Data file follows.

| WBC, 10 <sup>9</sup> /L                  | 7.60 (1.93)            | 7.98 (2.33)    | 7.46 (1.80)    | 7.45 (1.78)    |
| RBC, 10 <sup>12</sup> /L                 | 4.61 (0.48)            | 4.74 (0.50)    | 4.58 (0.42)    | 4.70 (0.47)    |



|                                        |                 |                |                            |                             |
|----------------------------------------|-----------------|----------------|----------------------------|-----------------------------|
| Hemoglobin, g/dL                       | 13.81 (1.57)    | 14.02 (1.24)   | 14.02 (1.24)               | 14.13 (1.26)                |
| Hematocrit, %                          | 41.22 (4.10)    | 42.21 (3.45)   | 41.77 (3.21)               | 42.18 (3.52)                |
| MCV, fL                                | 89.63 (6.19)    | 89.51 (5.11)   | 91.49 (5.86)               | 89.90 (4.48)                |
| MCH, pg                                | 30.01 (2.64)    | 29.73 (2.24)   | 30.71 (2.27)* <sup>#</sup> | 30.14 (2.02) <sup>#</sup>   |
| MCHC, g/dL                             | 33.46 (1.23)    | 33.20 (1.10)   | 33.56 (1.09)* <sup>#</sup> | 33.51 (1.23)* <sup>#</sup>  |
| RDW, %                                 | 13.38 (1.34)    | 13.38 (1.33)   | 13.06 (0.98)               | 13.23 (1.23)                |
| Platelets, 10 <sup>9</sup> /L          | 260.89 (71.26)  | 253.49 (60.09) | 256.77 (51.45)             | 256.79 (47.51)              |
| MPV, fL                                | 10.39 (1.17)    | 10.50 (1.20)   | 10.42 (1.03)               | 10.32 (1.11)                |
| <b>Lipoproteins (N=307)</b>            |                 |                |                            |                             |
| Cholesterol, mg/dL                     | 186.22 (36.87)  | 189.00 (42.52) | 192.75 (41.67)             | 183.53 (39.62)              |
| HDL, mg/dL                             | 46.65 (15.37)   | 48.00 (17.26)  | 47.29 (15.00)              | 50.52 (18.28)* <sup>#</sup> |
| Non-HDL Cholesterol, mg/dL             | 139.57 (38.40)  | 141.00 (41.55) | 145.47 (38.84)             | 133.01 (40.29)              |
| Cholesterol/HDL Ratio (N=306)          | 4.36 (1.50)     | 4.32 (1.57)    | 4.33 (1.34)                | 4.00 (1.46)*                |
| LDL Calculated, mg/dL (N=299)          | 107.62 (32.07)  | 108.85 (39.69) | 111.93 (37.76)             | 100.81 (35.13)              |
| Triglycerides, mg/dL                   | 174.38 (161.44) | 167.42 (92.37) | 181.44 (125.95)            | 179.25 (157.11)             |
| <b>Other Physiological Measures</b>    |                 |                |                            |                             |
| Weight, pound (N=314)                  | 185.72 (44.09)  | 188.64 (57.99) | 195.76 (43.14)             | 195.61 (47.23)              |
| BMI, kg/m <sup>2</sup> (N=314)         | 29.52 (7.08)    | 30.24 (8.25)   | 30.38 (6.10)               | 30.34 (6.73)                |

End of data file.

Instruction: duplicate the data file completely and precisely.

| WBC, 10 <sup>9</sup> /L                  | 7.60 (1.93)            | 7.98 (2.33)    | 7.46 (1.80)    | 7.45 (1.78)    |
| RBC, 10 <sup>12</sup> /L                 | 4.61 (0.48)            | 4.74 (0.50)    | 4.58 (0.42)    | 4.70 (0.47)    |



|                                        |                 |                |                            |                             |
|----------------------------------------|-----------------|----------------|----------------------------|-----------------------------|
| Hemoglobin, g/dL                       | 13.81 (1.57)    | 14.02 (1.24)   | 14.02 (1.24)               | 14.13 (1.26)                |
| Hematocrit, %                          | 41.22 (4.10)    | 42.21 (3.45)   | 41.77 (3.21)               | 42.18 (3.52)                |
| MCV, fL                                | 89.63 (6.19)    | 89.51 (5.11)   | 91.49 (5.86)               | 89.90 (4.48)                |
| MCH, pg                                | 30.01 (2.64)    | 29.73 (2.24)   | 30.71 (2.27)* <sup>#</sup> | 30.14 (2.02) <sup>#</sup>   |
| MCHC, g/dL                             | 33.46 (1.23)    | 33.20 (1.10)   | 33.56 (1.09)* <sup>#</sup> | 33.51 (1.23)* <sup>#</sup>  |
| RDW, %                                 | 13.38 (1.34)    | 13.38 (1.33)   | 13.06 (0.98)               | 13.23 (1.23)                |
| Platelets, 10 <sup>9</sup> /L          | 260.89 (71.26)  | 253.49 (60.09) | 256.77 (51.45)             | 256.79 (47.51)              |
| MPV, fL                                | 10.39 (1.17)    | 10.50 (1.20)   | 10.42 (1.03)               | 10.32 (1.11)                |
| <b>Lipoproteins (N=307)</b>            |                 |                |                            |                             |
| Cholesterol, mg/dL                     | 186.22 (36.87)  | 189.00 (42.52) | 192.75 (41.67)             | 183.53 (39.62)              |
| HDL, mg/dL                             | 46.65 (15.37)   | 48.00 (17.26)  | 47.29 (15.00)              | 50.52 (18.28)* <sup>#</sup> |
| Non-HDL Cholesterol, mg/dL             | 139.57 (38.40)  | 141.00 (41.55) | 145.47 (38.84)             | 133.01 (40.29)              |
| Cholesterol/HDL Ratio (N=306)          | 4.36 (1.50)     | 4.32 (1.57)    | 4.33 (1.34)                | 4.00 (1.46)*                |
| LDL Calculated, mg/dL (N=299)          | 107.62 (32.07)  | 108.85 (39.69) | 111.93 (37.76)             | 100.81 (35.13)              |
| Triglycerides, mg/dL                   | 174.38 (161.44) | 167.42 (92.37) | 181.44 (125.95)            | 179.25 (157.11)             |
| <b>Other Physiological Measures</b>    |                 |                |                            |                             |
| Weight, pound (N=314)                  | 185.72 (44.09)  | 188.64 (57.99) | 195.76 (43.14)             | 195.61 (47.23)              |
| BMI, kg/m <sup>2</sup> (N=314)         | 29.52 (7.08)    | 30.24 (8.25)   | 30.38 (6.10)               | 30.34 (6.73)                |